What do you get when a novice director tries to put seasoned veterans through their paces in a purposely repetitive community theater comedy?
That’s not a setup for a joke. In the case of the First String Players’ current attraction, “Play On!,” what you get is a laugh-filled afternoon or evening in the theater.
At last Sunday’s matinee, the second show in a run that will conclude this weekend, it was appropriate that the audience was composed largely of local theater folks. That added to the fun of the show, a little-known venture by Rick Abbot about community theater actors staging a new murder mystery.
Think of it as life imitating art imitating life, except things went far more smoothly for the actors in this production than they do for the hapless cast in the play-within-the-play.
All the recognizable types are on hand: the diva, the ingenue, the juvenile, the overworked stage manager, the harried director and, adding to the mounting near-opening problems for “Murder Most Foul,” the ditzy playwright herself, armed with constant last-minute rewrites.
The time is the present. From the moment the curtain parts (as it does frequently, nearly every time the director asks his cast to take it from the top), the audience is privy to the goings-on in the production of a play.
Anyone who has ever performed in theater will recognize the tell-tale signs of imminent disaster; so, too, would anyone with half a brain: a cast that can’t get through more than a minute or two of a scene without someone messing up; a set that isn’t nearly finished; wigs that don’t fit; a sound technician who keeps missing his cues.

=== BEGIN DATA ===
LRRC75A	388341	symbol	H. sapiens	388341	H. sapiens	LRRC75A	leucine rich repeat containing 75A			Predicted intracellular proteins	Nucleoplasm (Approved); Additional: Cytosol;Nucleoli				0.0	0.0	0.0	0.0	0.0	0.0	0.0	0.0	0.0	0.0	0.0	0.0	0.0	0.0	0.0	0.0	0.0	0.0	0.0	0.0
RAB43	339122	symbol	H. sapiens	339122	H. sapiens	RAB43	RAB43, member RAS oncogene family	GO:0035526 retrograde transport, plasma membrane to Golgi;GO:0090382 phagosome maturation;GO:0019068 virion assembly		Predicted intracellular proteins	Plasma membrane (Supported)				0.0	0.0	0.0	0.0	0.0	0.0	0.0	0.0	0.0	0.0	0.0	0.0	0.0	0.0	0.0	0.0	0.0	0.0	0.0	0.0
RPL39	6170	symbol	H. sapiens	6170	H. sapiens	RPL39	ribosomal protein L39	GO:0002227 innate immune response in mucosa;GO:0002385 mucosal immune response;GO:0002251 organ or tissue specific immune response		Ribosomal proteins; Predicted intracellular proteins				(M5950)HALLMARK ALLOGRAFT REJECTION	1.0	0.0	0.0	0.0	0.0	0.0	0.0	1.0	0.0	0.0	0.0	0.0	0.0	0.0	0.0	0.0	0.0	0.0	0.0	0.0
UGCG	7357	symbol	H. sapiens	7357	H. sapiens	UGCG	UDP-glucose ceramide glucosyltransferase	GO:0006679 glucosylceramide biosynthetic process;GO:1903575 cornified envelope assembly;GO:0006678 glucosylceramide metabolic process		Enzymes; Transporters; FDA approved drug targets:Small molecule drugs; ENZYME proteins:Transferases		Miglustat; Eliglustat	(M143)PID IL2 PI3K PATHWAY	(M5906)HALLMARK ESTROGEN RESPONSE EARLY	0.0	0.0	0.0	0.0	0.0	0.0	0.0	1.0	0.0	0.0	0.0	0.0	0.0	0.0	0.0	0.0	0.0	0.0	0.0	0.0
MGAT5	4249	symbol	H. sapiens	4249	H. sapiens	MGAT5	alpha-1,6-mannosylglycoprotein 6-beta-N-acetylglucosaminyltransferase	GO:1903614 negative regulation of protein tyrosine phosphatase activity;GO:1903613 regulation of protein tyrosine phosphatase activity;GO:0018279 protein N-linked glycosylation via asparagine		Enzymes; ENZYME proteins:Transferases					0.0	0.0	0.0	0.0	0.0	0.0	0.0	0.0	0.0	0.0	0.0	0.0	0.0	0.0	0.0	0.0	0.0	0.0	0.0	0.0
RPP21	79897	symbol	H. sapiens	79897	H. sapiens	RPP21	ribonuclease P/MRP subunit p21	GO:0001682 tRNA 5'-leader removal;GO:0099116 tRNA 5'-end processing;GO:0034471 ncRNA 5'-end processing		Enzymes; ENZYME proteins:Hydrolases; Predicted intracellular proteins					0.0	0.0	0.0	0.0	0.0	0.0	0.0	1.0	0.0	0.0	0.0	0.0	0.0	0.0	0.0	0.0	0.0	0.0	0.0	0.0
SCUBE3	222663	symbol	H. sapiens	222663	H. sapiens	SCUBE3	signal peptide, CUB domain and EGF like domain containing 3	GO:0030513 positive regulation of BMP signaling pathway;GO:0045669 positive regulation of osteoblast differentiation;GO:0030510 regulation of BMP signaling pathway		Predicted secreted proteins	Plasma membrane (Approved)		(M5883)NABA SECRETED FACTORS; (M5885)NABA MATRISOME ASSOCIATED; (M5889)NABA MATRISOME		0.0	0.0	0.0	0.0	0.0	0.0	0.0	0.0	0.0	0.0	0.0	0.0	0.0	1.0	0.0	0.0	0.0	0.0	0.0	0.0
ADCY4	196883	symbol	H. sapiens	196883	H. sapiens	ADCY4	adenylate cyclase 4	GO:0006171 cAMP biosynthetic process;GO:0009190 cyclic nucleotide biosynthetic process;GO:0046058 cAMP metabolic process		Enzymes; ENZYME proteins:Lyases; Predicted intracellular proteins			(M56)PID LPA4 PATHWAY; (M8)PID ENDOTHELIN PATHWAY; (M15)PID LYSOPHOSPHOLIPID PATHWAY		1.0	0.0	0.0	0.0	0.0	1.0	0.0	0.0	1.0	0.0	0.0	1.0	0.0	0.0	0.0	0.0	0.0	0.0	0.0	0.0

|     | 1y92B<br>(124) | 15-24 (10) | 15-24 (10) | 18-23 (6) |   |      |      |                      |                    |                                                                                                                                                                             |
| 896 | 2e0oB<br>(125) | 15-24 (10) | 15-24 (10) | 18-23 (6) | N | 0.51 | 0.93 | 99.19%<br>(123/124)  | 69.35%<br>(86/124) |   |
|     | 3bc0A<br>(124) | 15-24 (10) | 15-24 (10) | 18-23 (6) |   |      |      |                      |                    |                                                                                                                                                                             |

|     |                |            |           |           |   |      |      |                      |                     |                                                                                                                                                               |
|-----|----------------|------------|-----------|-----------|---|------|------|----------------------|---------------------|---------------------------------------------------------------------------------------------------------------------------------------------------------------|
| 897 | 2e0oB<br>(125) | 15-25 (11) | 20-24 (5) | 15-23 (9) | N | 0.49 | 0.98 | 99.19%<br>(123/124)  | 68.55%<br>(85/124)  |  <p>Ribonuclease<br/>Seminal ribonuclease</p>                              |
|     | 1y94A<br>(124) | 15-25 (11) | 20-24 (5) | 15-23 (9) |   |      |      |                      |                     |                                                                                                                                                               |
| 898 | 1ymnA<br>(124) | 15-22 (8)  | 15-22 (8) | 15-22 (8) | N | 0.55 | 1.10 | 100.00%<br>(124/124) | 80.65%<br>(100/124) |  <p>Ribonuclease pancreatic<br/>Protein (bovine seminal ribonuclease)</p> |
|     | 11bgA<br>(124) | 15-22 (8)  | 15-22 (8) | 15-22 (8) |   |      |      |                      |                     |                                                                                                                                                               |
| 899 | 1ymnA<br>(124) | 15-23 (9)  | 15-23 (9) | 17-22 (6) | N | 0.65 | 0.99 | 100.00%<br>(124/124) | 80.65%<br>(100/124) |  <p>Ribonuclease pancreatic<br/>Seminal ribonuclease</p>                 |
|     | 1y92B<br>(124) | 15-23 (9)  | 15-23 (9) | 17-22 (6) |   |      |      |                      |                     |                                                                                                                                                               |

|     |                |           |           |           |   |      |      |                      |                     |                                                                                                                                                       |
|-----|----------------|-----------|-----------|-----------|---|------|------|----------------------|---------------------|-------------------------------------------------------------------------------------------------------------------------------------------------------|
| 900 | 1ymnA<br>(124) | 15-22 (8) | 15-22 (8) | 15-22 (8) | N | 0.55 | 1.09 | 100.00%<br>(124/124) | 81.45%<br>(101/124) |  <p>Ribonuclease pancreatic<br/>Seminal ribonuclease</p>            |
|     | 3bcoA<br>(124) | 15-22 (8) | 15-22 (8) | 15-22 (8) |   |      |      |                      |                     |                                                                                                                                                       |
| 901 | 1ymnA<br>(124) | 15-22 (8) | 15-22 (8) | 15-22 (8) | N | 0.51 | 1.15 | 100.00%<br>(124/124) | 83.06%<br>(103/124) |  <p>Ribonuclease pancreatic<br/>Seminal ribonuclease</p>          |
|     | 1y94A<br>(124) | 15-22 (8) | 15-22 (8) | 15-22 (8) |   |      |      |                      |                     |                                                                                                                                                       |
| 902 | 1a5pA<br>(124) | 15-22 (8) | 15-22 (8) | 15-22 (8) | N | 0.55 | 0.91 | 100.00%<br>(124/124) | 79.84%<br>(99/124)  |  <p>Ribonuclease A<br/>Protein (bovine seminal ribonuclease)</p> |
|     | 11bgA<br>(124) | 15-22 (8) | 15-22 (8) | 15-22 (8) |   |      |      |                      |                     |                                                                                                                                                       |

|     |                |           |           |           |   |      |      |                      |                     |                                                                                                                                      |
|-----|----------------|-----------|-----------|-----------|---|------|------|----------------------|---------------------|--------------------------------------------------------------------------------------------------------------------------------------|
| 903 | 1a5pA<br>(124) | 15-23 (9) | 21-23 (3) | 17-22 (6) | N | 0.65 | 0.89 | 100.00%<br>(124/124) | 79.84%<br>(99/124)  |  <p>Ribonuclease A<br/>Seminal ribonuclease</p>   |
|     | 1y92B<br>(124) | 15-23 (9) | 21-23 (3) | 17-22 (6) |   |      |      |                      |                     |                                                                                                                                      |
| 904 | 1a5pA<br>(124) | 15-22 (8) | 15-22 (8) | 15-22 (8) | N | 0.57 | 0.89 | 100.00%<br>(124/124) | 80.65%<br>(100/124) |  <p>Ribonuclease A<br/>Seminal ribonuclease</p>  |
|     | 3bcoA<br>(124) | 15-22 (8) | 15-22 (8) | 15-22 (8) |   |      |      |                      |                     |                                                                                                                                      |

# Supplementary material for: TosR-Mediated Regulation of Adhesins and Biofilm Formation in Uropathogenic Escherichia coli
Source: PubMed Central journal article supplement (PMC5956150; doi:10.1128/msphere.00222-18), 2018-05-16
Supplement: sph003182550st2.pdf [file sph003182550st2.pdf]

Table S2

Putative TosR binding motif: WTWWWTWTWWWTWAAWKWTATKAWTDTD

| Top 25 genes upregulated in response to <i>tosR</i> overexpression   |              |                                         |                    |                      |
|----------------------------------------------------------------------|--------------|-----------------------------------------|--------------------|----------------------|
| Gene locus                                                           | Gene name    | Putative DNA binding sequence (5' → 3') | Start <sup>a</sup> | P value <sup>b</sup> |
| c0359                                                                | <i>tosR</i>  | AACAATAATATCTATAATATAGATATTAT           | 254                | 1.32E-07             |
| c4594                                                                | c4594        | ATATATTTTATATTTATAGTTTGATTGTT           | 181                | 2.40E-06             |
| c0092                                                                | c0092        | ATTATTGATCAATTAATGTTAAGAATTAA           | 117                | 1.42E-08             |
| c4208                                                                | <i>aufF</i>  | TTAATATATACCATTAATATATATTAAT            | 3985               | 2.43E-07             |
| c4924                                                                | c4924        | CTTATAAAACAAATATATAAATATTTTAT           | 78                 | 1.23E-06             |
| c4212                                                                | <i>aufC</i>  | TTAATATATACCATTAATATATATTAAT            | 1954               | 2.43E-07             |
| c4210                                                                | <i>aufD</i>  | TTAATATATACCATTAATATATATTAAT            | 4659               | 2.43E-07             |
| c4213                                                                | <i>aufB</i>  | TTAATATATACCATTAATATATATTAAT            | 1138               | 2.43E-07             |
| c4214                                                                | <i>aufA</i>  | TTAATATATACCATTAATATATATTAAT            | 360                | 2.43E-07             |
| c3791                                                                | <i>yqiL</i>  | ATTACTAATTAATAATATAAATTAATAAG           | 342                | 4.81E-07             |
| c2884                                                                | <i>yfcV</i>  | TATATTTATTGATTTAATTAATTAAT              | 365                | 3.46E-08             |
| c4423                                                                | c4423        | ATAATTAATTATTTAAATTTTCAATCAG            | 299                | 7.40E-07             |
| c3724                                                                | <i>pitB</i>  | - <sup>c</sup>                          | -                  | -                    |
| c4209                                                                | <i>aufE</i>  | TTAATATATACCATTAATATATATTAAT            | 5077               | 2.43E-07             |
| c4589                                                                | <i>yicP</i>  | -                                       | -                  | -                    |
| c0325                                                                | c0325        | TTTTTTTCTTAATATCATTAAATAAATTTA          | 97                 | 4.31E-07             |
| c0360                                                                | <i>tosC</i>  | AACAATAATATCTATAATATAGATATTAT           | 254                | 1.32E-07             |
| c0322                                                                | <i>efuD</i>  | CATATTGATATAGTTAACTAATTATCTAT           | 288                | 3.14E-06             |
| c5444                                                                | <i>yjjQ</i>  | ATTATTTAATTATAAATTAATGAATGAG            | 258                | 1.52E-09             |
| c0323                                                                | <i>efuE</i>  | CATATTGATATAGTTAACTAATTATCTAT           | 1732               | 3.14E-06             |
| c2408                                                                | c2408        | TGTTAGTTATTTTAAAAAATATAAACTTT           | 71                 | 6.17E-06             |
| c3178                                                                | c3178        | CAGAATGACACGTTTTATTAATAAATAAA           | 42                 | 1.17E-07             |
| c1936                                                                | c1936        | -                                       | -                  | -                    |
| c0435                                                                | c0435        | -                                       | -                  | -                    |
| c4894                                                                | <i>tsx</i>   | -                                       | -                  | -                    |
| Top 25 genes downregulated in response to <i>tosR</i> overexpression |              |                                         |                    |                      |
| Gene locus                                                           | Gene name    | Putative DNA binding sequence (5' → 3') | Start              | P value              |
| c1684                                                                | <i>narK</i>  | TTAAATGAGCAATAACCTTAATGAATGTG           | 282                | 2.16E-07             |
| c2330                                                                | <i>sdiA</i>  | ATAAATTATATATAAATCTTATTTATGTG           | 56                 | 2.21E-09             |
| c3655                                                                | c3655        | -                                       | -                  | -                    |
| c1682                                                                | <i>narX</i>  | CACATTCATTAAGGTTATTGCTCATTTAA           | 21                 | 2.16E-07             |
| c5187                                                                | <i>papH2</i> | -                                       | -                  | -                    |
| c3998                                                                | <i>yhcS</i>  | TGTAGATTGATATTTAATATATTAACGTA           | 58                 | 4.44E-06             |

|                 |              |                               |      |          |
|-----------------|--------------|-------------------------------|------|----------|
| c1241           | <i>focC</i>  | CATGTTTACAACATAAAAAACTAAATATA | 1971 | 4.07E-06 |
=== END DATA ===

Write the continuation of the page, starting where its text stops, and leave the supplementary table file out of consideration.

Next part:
Undertaking his first directorial assignment, Steve Morisi is to be congratulated for assembling a fine cast, most of whom must play dual roles, and eliciting knowing performances from all concerned. The cast of 10 takes the business of making an audience laugh quite seriously. It’s not easy to act badly on purpose, but several members of this company succeed beautifully at overacting in the play-within-the -play.
In an unusual twist, two of the roles, conceived as female, are here played by men. One, Rich Weyhausen, a familiar face around these parts and a Queens Chronicle employee, plays the no-nonsense director, who serves as the straight man amid a group of disparate individuals.
Nearly stealing the show is his frequent costar, Nick DeCesare, who plays an amateur actor playing the very smug Lord Dudley, who is rarely if ever found without a cigarette dangling from its foot-long holder. DeCesare’s acerbic delivery and malleable facial expressions are delightful.
Two other veteran performers have a field day with their respective roles: Mary Lynch, who plays DeCesare’s increasingly impatient diva of a wife, and Fred Kaminski, whose wisecracking character brings to life a villainous man of science. Kaminski makes a convincing drunk and proves adept at physical stage business.
Stef Morisi scores laughs aplenty as an actress whose tongue trips frequently over her words, particularly when dealing with the many line changes she is handed. Andrew Benjamin, a late addition to the cast (and a Chronicle contributor), fits in seamlessly and proves game as the requisite juvenile actor.
Katira Campos fills the bill as a young actress who not only has to leave rehearsal by a certain time because of a biology test in school the next day but who seems incapable of making an entrance on cue.
Michelle Ricciardi employs a Betty Boop voice as the stage manager who’s in over her head; while Liam MacLarty, his head topped with a crop of impossibly curly hair, has good timing as the stage technician with bad timing, in the second case of gender-blind casting; and Hayley Adkisson, all gangly arms and legs, is just over-the-top enough as the playwright.
There are many funny elements in the production, including the playwright’s final costume, which earns laughs all its own.
When: 8 p.m. Aug. 17; 2 p.m. Aug 18
Where: Our Lady of Mercy, 70-01 Kessel St., Forest Hills (Juno St. entrance)
Tickets: $10. (718) 268-6143